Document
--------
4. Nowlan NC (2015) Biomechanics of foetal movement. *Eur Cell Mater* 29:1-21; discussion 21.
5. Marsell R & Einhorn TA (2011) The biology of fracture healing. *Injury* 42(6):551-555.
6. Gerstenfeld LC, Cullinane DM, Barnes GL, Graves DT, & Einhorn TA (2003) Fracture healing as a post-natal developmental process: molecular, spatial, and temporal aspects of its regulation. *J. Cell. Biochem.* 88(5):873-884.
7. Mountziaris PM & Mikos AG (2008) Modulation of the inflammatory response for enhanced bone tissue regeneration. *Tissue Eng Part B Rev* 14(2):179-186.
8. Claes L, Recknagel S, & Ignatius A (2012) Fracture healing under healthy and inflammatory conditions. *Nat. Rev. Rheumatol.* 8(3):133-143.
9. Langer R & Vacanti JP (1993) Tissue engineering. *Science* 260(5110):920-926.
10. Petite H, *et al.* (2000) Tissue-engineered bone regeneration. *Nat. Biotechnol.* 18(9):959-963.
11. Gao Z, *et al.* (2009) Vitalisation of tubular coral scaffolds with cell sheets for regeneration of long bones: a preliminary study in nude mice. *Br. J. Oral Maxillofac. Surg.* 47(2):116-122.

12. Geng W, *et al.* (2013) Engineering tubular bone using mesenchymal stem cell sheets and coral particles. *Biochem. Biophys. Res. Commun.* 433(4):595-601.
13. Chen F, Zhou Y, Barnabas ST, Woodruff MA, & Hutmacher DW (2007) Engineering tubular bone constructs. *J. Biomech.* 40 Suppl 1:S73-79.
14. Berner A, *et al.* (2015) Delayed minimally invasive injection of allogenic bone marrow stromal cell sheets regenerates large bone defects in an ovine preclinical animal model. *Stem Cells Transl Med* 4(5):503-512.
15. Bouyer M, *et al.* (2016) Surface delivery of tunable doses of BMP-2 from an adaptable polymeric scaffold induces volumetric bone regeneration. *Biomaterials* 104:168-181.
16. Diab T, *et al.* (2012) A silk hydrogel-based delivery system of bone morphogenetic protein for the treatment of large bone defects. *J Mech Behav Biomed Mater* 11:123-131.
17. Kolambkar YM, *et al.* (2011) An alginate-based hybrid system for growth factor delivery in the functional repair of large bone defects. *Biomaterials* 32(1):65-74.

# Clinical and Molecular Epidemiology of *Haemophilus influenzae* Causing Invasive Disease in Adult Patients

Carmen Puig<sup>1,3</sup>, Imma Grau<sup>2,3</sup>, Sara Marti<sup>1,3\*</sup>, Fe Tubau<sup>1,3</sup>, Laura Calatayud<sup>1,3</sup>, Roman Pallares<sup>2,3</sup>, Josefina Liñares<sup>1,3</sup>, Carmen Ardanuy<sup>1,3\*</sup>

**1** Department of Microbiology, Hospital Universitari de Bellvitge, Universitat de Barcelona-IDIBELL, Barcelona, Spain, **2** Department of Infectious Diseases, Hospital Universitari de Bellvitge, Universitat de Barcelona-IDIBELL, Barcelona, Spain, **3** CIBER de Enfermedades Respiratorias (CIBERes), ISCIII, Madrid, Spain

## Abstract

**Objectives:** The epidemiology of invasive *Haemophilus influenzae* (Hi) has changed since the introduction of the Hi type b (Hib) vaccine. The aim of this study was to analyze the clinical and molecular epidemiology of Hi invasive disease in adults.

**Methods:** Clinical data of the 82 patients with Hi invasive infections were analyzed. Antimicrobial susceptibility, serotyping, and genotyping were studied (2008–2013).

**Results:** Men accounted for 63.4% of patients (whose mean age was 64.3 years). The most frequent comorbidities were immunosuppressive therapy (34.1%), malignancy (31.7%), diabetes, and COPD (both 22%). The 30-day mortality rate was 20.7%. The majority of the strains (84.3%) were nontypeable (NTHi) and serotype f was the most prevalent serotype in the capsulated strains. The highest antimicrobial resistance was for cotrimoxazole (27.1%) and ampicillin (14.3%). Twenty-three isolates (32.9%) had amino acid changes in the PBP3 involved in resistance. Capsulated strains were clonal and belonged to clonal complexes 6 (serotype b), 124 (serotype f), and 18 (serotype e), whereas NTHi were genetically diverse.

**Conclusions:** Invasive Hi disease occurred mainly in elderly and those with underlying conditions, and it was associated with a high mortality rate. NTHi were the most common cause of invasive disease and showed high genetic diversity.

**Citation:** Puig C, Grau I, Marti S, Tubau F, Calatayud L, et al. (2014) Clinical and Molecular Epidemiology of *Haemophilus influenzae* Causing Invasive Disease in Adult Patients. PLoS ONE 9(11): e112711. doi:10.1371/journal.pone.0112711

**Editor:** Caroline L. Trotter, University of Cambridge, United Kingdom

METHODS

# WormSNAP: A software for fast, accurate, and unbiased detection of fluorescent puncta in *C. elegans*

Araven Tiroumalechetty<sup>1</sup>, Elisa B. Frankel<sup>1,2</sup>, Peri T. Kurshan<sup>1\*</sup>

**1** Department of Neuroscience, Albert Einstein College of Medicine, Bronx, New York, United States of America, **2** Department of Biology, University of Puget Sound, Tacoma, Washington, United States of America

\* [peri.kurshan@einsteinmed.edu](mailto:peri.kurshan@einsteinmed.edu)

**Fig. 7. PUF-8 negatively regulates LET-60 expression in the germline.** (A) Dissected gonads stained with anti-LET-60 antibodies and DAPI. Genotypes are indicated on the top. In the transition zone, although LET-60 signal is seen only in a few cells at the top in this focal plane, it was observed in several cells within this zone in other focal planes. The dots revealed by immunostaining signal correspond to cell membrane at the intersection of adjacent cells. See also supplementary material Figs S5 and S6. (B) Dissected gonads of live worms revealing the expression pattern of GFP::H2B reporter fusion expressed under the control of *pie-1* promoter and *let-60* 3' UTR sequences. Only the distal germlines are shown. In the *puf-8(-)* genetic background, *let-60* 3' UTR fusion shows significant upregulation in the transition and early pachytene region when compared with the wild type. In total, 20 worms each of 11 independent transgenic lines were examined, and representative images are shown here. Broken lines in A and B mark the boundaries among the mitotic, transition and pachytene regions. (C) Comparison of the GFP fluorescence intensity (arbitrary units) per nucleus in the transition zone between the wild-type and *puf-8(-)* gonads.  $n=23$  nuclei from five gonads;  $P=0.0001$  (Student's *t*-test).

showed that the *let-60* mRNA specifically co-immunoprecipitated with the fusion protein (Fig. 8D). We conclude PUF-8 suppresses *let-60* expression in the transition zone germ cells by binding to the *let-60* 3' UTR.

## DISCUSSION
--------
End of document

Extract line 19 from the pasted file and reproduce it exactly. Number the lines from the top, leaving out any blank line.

**Objectives:** The epidemiology of invasive *Haemophilus influenzae* (Hi) has changed since the introduction of the Hi type b (Hib) vaccine. The aim of this study was to analyze the clinical and molecular epidemiology of Hi invasive disease in adults.